I suppose you could say I've always been a dreamer. In my mind's eye, I can still see my first-grade teacher shaking her head and scolding, “Hope, stop daydreaming and pay attention!”
I tried, really I did. But how could the dreary assignment on the chalkboard begin to lure me away from the dashing Disney fairy-tale figures populating my head? Cinderella and Prince Charming, Snow White and Prince Charming, Sleeping Beauty and Pr—
Well, you get the picture.
In middle school, I “graduated” from romance a la Walt Disney to grownup love stories by the likes of Victoria Holt, Anya Seton, and Daphne Du Maurier. Someday, I promised myself as I thumbed through my dog-eared copy of “Forever Amber,” I’d write a romance novel of my very own.
That dream has weathered a Master's degree in Psychology, a Ph.D. in Education, a four year stint as a federal government research consultant, and several years as a freelance writer. In 1994 I finally packed up my graduate school texts, purchased Kathryn Falk’s small, pink paperback entitled How to Write a Romance and Get It Published and joined the Romance Writers of America. I’ve never looked back.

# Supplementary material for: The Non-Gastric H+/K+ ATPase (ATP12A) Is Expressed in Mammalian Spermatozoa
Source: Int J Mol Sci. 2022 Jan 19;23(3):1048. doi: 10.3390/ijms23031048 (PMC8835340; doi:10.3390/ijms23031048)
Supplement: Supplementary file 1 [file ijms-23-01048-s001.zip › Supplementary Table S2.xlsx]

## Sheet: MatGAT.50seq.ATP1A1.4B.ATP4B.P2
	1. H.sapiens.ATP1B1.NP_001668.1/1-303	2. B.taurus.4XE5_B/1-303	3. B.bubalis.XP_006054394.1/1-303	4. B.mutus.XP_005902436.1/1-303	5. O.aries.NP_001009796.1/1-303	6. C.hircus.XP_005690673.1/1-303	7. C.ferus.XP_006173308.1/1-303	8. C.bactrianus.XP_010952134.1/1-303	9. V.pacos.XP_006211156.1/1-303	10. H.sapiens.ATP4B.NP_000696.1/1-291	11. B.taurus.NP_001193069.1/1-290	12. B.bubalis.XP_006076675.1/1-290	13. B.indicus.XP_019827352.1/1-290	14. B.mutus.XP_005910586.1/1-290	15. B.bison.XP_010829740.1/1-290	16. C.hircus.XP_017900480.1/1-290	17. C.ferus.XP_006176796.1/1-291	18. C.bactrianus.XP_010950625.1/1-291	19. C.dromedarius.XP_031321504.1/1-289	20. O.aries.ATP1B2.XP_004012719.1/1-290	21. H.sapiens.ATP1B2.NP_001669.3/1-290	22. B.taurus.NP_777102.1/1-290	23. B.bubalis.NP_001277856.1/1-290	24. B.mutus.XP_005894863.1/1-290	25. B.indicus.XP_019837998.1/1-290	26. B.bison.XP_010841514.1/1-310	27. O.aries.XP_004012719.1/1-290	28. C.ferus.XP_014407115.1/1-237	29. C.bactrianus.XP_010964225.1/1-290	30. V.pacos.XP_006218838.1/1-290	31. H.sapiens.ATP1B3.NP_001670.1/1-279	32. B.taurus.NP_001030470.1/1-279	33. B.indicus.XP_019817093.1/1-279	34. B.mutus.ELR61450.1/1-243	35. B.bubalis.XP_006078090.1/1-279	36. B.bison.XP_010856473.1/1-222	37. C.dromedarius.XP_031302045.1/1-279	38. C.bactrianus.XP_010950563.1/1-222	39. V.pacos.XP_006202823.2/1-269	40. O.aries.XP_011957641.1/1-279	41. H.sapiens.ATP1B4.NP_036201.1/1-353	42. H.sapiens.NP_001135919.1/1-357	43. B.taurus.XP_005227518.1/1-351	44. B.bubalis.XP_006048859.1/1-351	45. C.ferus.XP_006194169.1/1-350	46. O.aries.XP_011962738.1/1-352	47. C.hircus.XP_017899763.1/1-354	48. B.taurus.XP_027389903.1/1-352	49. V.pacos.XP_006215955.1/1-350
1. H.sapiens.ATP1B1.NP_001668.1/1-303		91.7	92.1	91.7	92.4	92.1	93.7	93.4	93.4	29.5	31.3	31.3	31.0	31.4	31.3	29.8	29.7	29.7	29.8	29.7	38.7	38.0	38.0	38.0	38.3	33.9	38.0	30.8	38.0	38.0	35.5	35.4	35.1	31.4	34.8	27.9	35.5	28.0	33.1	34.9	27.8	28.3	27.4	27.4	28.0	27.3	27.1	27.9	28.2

As a romance writer, I get to spin fairy-tales of my very own—life-affirming stories in which the hero and heroine find not only their soul mate but their souls into the bargain. And much like fiction, "real" life comes with its share of twists and turns. In 2008 I packed up myself, including cats and books, and quit the quaint historic town of Fredericksburg, Virginia for the Big Apple—talk about a big change! I'm entering my second year in the city and for those of you who follow my blog, you know the move to Manhattan has worked out to a Happily Ever After best. I'm looking forward to a new year, and a new decade, filled with good times, good friends, and yes, good (romance) fiction.